When running a SaaS startup, analyzing the health of your business involves more than looking at your revenue and gross margins. Understanding where your revenue is growing and shrinking is crucial for scaling your startup. This is accomplished through a common SaaS metric, Monthly Recurring Revenue (MRR) Churn Rate. In this post, we will cover everything you need to know in order to understand and calculate Gross and Net MRR Churn.
What is Gross MRR Churn Rate?
The Gross MRR Churn Rate allows you to estimate the total loss to the company by giving a realistic picture of your revenue churn. This value indicates if the business is healthy or not as it is a clear indication of product market fit and targeting the right customers. A high churn rate is toxic to any SaaS business.
How to Calculate Gross MRR Churn Rate?
Gross MRR Churn Rate is calculated by summing the amount of all cancelled contracts for the month (MRR churn) and dividing it by the total MRR at the beginning of the month. Then multiply this value by 100 to convert to a percentage.
If a company’s total MRR is $50,000 and customers cancel $4,000 worth of contracts, Gross MRR Churn would be 8% for that month:
($4,000 / $50,000) X 100 = 8%
Here is a table that reflects ideal monthly customer churn rates:
It is important to keep in mind that it is possible to have negative churn, but it is not possible when calculating Gross MRR Churn as the lowest possible rate is 0%. Therefore, calculating Net MRR Churn Rate is useful if presenting SaaS metrics to investors.
What is Net MRR Churn Rate?
Calculating Net MRR Churn Rate is essential for understanding the health of your SaaS startup as it is one of the most significant obstacles to growth. By factoring in expansion MRR, net churn gives you a snapshot view of growth and paints a more positive picture. Ideally, SaaS companies should aim for a zero or negative churn rate to take advantage of new MRR.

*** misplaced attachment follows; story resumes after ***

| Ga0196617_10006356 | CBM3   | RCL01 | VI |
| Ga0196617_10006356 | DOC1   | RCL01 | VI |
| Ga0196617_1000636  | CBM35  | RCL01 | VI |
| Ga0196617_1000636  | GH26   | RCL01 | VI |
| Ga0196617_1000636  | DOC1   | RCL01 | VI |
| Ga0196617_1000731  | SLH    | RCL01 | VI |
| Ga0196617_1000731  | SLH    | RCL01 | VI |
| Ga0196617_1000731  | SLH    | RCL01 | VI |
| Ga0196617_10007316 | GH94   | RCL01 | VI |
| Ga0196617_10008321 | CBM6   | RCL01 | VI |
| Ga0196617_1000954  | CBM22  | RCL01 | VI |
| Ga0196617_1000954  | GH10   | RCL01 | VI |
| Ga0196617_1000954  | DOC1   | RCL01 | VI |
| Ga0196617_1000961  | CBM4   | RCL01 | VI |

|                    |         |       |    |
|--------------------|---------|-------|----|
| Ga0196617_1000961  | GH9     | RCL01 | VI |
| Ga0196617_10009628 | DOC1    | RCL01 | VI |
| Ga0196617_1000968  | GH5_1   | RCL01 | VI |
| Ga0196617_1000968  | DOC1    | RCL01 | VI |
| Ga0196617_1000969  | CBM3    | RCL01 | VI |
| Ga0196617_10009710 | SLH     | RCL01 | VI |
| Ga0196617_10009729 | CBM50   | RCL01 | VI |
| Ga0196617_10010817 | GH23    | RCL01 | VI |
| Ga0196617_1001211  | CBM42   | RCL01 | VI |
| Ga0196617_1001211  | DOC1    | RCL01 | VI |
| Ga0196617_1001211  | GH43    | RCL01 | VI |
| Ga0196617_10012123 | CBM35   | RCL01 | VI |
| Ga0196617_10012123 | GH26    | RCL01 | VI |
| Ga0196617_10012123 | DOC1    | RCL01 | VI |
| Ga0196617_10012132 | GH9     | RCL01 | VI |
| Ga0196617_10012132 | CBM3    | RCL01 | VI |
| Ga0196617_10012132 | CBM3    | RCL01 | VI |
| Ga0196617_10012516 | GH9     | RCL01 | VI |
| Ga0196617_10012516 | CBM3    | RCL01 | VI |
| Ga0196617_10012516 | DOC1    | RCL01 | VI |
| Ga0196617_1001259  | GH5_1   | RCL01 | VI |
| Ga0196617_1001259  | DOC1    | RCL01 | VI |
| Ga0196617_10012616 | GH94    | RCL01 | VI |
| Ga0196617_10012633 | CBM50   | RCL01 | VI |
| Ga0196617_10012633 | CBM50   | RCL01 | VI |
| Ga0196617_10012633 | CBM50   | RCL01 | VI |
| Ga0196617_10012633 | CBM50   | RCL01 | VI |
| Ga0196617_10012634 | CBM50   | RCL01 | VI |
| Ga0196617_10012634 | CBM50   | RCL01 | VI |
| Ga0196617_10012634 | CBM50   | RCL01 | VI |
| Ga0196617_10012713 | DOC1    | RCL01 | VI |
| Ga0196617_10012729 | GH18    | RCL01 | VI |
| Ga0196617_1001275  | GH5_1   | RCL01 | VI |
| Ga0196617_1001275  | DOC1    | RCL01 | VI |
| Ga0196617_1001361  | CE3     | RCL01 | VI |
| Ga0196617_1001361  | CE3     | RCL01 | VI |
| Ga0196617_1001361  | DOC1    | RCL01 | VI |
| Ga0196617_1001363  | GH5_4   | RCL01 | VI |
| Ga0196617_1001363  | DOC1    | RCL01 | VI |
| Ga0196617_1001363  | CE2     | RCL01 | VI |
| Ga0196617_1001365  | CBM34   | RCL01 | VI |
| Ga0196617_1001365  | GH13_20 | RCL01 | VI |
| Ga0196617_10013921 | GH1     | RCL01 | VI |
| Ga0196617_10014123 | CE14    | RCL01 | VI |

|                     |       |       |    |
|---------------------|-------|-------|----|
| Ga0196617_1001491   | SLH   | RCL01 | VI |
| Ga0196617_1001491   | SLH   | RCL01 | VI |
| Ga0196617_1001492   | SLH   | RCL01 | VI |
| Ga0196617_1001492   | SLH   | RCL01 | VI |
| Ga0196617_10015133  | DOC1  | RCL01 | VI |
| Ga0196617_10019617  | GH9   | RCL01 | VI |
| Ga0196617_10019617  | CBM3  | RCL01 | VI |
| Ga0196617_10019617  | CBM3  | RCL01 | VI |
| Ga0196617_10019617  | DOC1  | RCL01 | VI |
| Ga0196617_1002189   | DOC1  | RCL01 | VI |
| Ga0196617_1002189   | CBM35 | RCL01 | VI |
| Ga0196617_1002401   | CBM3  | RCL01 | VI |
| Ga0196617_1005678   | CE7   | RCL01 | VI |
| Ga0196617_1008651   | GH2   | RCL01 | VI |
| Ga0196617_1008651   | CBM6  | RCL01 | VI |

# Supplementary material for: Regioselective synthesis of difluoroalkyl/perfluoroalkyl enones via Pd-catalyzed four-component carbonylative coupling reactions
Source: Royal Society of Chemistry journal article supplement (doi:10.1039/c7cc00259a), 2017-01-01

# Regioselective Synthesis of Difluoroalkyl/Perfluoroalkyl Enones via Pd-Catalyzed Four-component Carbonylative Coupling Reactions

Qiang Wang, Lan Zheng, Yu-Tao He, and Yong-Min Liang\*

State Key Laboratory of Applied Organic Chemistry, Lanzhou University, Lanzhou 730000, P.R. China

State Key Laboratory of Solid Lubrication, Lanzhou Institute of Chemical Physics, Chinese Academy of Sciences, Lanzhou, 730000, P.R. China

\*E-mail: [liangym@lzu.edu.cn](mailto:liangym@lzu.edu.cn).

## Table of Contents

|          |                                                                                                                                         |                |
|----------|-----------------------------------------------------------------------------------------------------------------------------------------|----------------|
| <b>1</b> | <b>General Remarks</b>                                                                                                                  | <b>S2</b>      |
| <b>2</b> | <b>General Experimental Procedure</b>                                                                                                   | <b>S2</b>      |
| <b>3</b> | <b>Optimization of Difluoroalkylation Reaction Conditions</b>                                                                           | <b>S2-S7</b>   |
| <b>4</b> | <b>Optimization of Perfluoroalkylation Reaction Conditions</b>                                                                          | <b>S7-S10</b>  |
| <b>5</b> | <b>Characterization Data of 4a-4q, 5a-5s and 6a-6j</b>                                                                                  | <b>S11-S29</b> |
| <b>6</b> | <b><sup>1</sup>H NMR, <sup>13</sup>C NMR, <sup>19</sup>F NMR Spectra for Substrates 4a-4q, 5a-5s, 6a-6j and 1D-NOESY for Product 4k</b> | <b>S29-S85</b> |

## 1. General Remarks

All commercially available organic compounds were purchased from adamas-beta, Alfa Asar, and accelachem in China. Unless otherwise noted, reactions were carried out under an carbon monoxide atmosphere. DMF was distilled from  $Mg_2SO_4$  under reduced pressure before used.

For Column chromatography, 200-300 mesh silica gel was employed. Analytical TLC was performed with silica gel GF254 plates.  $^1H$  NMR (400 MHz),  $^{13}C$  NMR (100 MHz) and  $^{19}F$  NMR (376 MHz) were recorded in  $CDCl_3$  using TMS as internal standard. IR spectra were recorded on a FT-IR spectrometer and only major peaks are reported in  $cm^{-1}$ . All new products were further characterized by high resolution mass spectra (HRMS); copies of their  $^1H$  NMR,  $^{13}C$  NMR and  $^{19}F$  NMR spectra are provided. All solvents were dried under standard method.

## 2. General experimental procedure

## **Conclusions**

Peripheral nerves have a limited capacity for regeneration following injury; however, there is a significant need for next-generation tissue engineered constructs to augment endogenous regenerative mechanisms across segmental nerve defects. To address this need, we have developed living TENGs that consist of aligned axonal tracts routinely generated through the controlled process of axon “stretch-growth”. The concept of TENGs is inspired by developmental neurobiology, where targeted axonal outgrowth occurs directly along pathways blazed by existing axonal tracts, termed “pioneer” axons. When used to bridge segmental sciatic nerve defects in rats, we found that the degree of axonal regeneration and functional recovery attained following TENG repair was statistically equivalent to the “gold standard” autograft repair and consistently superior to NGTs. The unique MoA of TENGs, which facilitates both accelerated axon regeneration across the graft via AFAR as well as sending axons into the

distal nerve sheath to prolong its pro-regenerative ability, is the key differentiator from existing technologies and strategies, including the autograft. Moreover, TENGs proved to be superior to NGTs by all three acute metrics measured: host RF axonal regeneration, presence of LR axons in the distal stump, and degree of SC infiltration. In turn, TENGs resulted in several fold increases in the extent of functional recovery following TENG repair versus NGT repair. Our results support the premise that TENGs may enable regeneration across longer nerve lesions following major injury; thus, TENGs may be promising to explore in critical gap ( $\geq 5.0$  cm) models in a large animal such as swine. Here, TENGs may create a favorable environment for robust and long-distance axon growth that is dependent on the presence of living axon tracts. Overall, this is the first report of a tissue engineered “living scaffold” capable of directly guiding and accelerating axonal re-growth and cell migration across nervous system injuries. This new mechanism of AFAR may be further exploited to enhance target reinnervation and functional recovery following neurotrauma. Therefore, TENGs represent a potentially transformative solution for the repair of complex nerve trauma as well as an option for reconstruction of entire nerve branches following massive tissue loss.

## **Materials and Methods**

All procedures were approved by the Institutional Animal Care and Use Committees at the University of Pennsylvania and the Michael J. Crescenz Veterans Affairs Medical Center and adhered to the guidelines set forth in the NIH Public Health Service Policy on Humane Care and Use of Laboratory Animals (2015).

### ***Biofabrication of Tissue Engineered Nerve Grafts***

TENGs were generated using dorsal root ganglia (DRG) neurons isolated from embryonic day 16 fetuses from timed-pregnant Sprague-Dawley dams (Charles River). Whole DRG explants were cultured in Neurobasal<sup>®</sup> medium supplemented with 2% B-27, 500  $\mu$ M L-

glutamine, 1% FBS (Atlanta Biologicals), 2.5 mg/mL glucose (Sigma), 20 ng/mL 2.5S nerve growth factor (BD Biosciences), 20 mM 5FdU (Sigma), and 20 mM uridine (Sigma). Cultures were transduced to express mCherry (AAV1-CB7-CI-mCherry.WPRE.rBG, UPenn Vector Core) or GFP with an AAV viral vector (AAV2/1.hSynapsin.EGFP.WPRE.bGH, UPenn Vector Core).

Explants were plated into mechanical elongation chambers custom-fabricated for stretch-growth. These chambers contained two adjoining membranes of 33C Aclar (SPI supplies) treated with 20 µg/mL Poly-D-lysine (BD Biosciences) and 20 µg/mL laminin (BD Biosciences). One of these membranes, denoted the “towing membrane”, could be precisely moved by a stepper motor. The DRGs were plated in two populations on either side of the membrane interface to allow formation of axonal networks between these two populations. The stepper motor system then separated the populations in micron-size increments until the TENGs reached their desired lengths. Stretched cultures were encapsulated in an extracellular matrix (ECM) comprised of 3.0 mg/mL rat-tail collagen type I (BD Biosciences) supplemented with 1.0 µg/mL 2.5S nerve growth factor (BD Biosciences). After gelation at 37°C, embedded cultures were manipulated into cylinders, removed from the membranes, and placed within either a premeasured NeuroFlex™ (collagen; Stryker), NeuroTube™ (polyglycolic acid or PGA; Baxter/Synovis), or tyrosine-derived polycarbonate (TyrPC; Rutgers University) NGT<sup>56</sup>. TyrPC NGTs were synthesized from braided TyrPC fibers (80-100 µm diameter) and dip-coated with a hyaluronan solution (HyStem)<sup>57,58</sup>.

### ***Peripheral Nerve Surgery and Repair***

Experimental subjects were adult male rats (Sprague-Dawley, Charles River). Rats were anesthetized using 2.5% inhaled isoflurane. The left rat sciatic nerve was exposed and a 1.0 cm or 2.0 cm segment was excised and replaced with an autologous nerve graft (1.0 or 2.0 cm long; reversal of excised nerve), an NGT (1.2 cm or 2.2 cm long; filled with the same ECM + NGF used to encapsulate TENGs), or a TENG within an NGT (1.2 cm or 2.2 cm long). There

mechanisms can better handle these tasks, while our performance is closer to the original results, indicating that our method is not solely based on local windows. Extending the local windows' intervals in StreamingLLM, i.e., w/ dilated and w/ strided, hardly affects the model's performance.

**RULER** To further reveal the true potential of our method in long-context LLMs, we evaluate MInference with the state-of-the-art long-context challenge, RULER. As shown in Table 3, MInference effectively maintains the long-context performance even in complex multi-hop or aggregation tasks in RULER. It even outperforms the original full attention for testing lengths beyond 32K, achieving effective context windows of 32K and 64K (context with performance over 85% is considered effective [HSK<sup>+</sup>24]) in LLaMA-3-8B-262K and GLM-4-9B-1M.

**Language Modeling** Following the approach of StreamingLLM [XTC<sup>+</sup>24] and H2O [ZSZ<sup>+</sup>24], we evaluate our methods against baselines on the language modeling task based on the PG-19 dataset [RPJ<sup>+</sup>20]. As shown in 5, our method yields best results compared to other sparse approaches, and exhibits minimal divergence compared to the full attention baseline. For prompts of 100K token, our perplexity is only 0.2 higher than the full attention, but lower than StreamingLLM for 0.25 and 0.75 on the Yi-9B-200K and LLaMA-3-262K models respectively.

How to Calculate Net MRR Churn Rate?
Net MRR Churn rate is calculated by first subtracting Expansion MRR (i.e. revenue gained from upgrades or service expansions) from MRR Churn. Divide this value by your MRR at the beginning of the month. Then multiply it by 100 to convert to a percentage.
From the same example above, imagine an opening MRR of $50,000 and $4,000 worth of contract cancellations and downgrades. The company had two customers upgrade to a premium plan, resulting in an additional $2,000 in MRR.
The company’s net MRR churn rate would be 4% for that month:
($4,000 - $2,000) / $50,000 X 100 = 4%
What happens if your expansion MRR exceeds the churn MRR? This will result in what we call a Net Negative MRR Churn Rate. Continuing with the example above, if everything else stayed the same but churn drops to $1,000, then the net (negative) MRR churn rate would be -2%.
Pros and Cons of Gross and Net MRR Churn
Gross MRR Churn calculates the percentage of revenue lost due to cancellations or downgrades. This metric provides a realistic picture of your business's revenue churn while helping you understand the overall health of your business.
Net MRR Churn measures lost revenue month over month due to cancellations or downgrades after taking into account added revenue from existing customers. This metric paints a more positive picture, offering insight into your customer upgrade activity. Businesses often use this metric to measure the efforts of their customer success team.
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